In order to move GC 25 basis points higher, in a very rough estimate, the Fed needs to drain between $310B and $800B in liquidity.
Up to eight hundred billion dollars of liquidity drained for a 0.25% move! Not a very subtle policy tool.
So we come back to the interest paid on excess reserves (IOER). But apparently this isn’t fool-proof either:
A significant portion of the U.S. financial system is comprised of money market funds, government-sponsored enterprises, hedge funds and other financial institutions which are not banks. Though they hold substantial cash, they cannot hold deposits at the Fed and earn the IOER. So if the Fed raised IOER, these cash-rich institutions might be willing to lend funds at rates below IOER, which could push the fed funds rate below the Fed’s target—and indeed that’s what’s been happening over the past six years.
Broader financial markets are in control of rates, not the Fed. This is most certainly true in this time of unprecedented excess reserves.
Goldman Sachs both confirms and adds to the list of concerns about these two possible policy tools:
Given some limitations to both IOER and the RRP facility, the Fed will employ both tools in conjunction. The IOER function is constrained by limited counterparty eligibility, which is restricted to depository institutions only – the Fed cannot remunerate overnight deposits of money market mutual funds (MMFs) or government-sponsored entities (GSEs).
The RRP facility, which has 145 eligible counterparties spanning primary dealers, banks, MMFs, and GSEs, will act as a more complete floor for overnight rates. However, the RRP facility also faces its own limitations: Fed leadership has communicated its discomfort with the facility’s potential to attract too many flows during flight to quality episodes as financial intermediaries withhold wholesale funding and instead participate in RRP.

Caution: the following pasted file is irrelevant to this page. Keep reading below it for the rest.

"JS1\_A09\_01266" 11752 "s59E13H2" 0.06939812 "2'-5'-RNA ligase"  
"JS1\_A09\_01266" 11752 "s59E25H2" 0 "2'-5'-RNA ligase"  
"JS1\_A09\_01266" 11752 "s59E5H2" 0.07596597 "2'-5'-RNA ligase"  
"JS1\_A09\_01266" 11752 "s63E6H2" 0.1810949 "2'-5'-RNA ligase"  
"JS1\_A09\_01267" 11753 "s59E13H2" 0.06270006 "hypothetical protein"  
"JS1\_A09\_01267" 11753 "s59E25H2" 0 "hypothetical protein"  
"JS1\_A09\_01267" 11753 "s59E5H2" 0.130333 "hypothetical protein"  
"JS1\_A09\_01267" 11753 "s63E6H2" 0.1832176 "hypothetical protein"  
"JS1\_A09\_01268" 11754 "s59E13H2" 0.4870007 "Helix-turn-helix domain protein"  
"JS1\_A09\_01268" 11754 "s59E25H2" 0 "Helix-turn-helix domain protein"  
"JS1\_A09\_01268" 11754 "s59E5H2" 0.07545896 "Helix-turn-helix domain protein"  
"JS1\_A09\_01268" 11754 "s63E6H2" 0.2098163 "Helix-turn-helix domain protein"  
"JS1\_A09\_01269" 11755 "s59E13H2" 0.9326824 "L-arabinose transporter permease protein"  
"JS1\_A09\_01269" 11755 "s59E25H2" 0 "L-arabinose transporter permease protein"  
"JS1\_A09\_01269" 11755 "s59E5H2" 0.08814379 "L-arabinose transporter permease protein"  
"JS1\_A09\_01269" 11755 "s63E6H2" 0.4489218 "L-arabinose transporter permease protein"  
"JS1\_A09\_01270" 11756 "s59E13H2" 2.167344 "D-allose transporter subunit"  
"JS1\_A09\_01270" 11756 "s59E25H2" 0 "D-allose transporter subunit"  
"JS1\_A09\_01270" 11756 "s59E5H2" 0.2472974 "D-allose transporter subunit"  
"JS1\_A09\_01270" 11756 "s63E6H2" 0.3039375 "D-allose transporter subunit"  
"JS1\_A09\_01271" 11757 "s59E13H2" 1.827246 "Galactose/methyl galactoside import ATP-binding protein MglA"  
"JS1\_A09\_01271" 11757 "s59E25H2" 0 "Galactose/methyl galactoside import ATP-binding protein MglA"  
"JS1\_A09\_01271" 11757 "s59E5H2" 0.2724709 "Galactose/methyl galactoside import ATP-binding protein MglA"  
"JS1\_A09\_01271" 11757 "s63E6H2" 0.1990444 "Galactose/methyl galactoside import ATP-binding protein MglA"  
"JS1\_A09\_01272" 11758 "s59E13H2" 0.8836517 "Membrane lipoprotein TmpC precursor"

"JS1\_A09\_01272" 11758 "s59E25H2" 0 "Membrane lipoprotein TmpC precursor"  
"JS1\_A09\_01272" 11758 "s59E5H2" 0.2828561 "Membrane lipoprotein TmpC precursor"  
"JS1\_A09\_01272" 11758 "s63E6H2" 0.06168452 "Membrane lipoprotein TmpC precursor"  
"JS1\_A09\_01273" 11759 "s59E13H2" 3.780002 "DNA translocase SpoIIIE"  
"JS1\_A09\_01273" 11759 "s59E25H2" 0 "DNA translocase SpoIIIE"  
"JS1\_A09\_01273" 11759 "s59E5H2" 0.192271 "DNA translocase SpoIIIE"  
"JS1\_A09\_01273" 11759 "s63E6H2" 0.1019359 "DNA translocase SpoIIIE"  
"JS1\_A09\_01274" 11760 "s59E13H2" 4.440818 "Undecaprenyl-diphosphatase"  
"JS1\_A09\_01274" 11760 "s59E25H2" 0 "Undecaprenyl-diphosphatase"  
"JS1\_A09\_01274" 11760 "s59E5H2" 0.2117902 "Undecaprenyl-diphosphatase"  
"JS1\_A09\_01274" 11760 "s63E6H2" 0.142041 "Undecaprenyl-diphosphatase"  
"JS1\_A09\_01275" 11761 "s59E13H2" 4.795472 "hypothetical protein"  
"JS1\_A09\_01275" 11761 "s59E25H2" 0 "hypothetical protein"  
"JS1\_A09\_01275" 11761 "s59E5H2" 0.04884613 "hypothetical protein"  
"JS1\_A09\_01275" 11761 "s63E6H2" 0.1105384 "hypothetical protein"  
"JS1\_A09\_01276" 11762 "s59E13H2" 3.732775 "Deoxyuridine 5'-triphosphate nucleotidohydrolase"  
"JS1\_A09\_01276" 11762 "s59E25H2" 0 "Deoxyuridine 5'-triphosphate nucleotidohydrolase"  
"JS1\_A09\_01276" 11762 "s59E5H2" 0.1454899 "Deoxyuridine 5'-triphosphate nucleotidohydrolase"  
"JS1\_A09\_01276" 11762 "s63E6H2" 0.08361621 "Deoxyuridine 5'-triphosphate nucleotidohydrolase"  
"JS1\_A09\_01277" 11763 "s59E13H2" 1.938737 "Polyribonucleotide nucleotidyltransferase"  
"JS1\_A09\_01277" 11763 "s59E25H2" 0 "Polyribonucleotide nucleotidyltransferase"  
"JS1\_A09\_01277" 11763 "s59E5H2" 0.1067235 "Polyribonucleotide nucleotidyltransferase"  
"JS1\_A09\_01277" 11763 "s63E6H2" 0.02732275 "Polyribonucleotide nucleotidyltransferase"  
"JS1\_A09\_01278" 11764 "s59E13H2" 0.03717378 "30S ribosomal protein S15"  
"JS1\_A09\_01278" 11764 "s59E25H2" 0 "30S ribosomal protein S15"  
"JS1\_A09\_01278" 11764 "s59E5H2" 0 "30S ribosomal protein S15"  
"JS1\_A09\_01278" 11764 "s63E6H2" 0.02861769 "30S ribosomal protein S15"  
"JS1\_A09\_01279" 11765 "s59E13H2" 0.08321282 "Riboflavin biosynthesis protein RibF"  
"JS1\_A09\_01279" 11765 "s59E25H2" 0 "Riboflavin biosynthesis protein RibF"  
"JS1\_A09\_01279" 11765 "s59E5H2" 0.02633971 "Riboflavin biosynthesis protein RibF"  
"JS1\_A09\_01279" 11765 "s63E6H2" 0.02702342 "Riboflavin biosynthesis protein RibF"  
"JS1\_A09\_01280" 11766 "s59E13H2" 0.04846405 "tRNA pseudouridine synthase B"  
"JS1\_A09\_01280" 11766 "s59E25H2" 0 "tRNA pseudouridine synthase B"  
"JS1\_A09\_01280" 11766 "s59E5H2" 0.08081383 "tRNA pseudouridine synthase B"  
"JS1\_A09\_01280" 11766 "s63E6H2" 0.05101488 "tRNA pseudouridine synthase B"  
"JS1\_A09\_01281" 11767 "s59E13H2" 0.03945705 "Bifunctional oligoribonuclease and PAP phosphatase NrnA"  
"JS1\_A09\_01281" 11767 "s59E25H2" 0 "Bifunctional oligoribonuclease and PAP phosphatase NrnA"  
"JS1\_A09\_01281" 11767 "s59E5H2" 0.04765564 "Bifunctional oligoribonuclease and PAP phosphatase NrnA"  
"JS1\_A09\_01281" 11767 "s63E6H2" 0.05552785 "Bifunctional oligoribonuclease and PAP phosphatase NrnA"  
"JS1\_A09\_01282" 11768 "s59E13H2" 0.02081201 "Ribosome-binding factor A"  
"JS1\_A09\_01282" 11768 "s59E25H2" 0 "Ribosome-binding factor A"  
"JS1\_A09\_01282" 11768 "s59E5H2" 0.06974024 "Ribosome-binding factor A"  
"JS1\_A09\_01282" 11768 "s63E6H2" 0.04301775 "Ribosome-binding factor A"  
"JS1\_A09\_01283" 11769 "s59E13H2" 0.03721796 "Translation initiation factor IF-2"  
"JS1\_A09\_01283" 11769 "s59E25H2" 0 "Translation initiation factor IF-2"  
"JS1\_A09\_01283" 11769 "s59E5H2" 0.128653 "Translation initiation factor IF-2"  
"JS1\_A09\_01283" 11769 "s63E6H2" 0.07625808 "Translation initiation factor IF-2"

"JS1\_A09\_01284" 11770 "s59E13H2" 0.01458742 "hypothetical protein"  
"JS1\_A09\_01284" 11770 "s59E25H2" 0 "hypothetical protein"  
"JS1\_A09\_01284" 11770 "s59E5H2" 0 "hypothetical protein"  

Can you imagine the money market funds flooding to the Fed next time the buck is about to break?
So why doesn’t the Fed just drain the excess reserves and get itself out of this self-imposed hell? Goldman Sachs offers a politically safe answer (emphasis added):
Although the Fed has communicated its intention to reduce the size of its balance sheet over time and create a Treasury-only portfolio, we do not expect any actions to meet this intent any time soon. The Minutes of the July 2015 FOMC meeting indicated that “Participants generally favored continuing reinvestment during the early stages of normalization, initially using only increases in the target range for the federal funds rate to reduce monetary policy accommodation.” Fed officials have communicated their concerns that asset sales pose the risk of sending unintended hawkish policy signals, along with the potential to create unexpected financial market reactions. Accordingly, we do not expect any balance sheet normalization until mid-2017.
I don’t think the financial market reactions to this are “unexpected”; the reactions are at best unknown, and at worst…bad. Basically, the Fed doesn’t want to drain liquidity because the Fed doesn’t want to drain liquidity – this is the Goldman analysis.
I offer my reason, and it is two-fold: first, the non-treasury assets (meaning the mortgage-backed securities and other garbage bought by the Fed to bail out the banks) – despite presumably carrying coupons of better than the 0.25% IOER – are not wanted by the banks. This suggests that, even after six years of asset price inflation, these assets are not yet worth what the Fed paid for them in the first place (if they are even worth much of anything). Second, the excess reserves provide systemic insurance – the excess liquidity provides a liquidity cushion in the system that was unavailable in 2008. With this insurance, I suspect that the Fed believes that markets will not be subject to the same daily meltdown of prices due to the lack of liquidity that occurred at that time.
How much liquidity will the Fed have to drain to achieve even a 0.25% short-term rate increase? What will be the impact of this (up to $800 billion) liquidity drain on financial assets? What will be the impact to other, longer-term rates? What will be the public reaction to and political fallout from an announced increase in the IOER?
These questions – none of which have ever been answered via prior experience – are behind the current conundrum in which the Fed finds itself. Who knows how they will be answered?
I can say with certainty: no one. We all get to find out together.